changes and functional impairment) 10 NEUROGENIC PULMONARY EDEMA After a variety of neurosurgical procedures : brain tumors (particularly those resected in the posterior fossa), cysts, hydrocephalus, intracranial hemorrhages, and brainstem lesions 9% mortality rate

Initial 4 hours after the neurologic event More common in women than in men 11 NEUROGENIC PULMONARY EDEMA Mechanisms unclear Sudden central sympathetic discharge may

trigger pulmonary venoconstriction, systemic arterial hypertension, increased left ventricle afterload, increased capillary permeability in the pulmonary vascular bed, and simultaneously cause cardiac ischemia and ventricular failure 12 NEUROGENIC PULMONARY EDEMA Therapeutic measures : Supportive Opioids and sedatives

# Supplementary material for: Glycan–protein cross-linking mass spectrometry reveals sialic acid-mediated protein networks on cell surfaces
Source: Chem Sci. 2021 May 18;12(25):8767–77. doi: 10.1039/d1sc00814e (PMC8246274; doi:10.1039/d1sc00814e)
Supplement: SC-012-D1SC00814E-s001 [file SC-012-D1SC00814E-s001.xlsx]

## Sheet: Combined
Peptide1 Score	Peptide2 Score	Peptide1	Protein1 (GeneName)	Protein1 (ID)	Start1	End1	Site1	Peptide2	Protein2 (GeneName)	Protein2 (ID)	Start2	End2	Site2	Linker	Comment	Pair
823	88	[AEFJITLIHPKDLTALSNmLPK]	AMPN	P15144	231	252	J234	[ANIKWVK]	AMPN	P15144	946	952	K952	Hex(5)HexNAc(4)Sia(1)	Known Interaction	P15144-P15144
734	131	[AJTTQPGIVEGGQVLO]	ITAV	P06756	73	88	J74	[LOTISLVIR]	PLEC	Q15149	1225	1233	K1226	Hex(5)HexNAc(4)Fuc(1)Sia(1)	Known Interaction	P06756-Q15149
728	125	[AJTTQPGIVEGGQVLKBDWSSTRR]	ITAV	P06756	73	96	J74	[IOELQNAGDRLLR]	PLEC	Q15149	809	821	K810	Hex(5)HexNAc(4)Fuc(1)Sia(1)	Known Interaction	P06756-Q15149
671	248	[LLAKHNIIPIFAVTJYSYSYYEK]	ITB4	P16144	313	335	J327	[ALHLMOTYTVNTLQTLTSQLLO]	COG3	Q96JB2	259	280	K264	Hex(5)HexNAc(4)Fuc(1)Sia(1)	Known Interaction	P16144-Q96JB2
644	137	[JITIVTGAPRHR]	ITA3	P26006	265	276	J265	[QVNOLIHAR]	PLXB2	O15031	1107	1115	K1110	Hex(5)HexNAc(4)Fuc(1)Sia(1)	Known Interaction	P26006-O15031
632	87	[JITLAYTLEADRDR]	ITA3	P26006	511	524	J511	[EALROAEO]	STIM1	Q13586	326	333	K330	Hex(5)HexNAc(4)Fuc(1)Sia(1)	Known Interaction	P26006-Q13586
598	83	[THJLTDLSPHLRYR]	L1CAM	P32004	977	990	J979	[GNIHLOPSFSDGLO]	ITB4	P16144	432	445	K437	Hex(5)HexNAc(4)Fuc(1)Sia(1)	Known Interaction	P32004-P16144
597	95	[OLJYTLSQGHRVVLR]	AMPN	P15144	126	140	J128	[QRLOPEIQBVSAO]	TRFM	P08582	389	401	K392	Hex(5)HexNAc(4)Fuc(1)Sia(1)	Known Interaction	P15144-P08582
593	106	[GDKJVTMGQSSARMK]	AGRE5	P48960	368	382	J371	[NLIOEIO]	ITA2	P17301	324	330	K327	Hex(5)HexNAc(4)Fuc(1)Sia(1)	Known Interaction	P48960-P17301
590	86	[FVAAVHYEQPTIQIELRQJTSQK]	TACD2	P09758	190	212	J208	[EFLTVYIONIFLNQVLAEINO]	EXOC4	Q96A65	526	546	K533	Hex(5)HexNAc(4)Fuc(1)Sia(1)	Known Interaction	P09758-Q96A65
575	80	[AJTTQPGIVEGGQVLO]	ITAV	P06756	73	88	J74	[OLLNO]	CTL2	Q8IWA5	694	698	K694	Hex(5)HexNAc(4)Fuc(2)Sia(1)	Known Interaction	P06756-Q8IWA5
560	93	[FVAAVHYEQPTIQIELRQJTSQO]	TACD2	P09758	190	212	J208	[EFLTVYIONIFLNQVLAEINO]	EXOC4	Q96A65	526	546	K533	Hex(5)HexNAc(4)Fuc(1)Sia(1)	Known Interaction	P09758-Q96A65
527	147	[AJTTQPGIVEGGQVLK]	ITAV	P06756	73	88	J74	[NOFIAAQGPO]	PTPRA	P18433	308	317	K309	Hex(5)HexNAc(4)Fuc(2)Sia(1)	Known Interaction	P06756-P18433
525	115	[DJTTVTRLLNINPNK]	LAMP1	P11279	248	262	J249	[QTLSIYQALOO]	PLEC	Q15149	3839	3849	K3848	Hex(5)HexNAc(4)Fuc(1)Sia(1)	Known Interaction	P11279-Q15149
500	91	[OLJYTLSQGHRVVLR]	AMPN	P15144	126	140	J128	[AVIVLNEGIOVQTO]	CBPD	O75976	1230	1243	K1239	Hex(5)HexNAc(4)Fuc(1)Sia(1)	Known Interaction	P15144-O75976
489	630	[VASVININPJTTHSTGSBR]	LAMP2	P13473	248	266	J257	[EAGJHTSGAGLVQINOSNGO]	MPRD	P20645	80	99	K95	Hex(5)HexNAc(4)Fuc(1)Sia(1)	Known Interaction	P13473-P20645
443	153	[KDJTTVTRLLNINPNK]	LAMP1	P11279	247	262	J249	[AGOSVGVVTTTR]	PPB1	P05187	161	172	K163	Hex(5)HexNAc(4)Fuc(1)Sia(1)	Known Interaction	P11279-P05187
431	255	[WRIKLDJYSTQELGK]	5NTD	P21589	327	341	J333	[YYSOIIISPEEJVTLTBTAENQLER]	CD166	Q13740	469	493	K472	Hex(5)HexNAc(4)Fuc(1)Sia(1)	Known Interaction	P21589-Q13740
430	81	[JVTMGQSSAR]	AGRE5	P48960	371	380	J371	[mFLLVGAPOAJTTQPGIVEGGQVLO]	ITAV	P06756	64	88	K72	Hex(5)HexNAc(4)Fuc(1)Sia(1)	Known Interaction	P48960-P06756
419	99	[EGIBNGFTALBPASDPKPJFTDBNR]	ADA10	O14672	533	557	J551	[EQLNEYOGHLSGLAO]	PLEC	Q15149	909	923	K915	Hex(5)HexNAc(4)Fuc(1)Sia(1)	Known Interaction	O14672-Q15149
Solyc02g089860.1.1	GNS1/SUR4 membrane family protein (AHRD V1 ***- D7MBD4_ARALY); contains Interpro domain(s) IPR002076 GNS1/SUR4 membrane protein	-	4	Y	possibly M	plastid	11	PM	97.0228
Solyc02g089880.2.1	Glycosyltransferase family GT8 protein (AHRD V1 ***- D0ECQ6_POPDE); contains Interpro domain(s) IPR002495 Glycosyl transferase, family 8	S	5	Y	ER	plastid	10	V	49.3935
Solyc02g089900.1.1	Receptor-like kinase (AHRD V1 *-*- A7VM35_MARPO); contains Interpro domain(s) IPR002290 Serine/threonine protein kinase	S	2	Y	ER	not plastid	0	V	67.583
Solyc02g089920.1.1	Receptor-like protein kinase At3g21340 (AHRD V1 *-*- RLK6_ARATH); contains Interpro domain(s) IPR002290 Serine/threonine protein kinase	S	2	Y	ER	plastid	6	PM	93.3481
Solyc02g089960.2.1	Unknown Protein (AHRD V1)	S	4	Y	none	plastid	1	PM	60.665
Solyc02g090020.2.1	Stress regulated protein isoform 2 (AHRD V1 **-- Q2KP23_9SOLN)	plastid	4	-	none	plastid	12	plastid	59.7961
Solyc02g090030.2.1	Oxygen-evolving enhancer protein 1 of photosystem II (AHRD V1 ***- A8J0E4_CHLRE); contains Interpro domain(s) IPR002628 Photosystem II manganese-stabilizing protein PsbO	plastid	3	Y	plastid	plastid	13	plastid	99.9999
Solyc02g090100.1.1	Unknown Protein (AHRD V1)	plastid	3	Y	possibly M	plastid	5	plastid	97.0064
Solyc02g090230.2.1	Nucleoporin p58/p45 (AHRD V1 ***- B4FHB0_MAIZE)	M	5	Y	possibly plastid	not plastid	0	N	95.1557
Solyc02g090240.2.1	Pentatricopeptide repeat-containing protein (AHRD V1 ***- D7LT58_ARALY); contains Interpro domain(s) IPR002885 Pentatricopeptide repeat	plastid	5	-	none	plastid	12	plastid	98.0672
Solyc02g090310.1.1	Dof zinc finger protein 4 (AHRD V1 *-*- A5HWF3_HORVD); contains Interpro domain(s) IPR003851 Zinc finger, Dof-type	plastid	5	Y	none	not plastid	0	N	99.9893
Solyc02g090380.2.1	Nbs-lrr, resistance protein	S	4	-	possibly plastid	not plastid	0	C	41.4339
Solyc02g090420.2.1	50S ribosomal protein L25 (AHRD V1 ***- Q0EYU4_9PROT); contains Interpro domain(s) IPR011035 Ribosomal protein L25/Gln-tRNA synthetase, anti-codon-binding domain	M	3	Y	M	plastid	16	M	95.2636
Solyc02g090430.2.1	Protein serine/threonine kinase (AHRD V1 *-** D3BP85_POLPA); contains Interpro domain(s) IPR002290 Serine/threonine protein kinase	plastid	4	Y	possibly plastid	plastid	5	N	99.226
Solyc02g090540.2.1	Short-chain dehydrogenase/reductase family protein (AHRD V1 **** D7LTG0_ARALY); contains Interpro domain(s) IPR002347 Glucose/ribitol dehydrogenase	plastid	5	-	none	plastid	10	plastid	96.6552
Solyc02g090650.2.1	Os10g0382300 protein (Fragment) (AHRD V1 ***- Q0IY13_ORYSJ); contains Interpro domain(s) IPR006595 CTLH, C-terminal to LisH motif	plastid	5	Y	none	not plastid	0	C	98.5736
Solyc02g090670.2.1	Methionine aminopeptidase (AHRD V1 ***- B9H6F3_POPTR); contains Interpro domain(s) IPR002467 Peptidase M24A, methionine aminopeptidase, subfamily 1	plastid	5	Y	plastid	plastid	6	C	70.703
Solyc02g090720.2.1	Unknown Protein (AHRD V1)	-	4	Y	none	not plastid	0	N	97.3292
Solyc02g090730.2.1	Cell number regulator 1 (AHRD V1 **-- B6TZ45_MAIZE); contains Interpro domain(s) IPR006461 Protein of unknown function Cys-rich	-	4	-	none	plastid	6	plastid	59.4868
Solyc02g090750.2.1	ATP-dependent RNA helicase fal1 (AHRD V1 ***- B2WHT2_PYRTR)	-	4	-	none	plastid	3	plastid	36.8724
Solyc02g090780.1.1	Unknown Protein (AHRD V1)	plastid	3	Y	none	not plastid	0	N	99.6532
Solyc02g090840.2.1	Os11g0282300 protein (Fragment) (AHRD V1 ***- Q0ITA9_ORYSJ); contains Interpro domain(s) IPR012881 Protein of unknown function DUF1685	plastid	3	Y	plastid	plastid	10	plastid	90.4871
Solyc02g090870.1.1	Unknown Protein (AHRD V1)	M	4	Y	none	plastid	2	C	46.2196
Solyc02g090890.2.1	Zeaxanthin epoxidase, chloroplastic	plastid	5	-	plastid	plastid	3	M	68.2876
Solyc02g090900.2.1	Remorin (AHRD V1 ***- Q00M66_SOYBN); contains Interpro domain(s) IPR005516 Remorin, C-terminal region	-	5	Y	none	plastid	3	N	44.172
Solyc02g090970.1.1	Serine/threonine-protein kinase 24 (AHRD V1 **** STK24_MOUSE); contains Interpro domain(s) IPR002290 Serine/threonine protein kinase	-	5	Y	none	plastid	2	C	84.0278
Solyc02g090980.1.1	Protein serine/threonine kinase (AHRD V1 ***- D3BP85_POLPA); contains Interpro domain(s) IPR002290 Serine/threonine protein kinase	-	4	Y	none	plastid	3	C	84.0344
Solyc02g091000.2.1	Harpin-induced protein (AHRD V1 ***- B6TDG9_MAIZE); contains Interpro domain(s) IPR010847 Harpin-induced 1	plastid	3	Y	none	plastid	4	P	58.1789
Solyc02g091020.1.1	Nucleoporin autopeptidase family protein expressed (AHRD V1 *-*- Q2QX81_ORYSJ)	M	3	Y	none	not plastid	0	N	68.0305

Supplemental Tracheal oxygen intubation with mechanical ventilation and application of PEEP in 75% of patients Diuretics Vasoactive drugs 13 HYPERCOAGULOPATHY AND THROMBOSIS PROPHYLAXIS

DVT : 18% to 50% PE in 0% to 25% Mechanical therapies carry less associated risk, but pharmacologic approaches are more effective 14 HYPERCOAGULOPATHY AND THROMBOSIS

PROPHYLAXIS Overall, existing evidence, however, shows that the beneficial effects in reducing DVT and in particular PE outweigh a slightly increased risk of clinically significant hemorrhagic complications with anticoagulant prophylaxis 15 16 Prevention and Management of Neurosurgical Postoperative Complications

17 SUPRATENTORIAL PROCEDURES Postoperative Subgaleal Hematoma In up to 11% Can be minimized by routine use of postoperative wound drainage for 24 hours Reoperation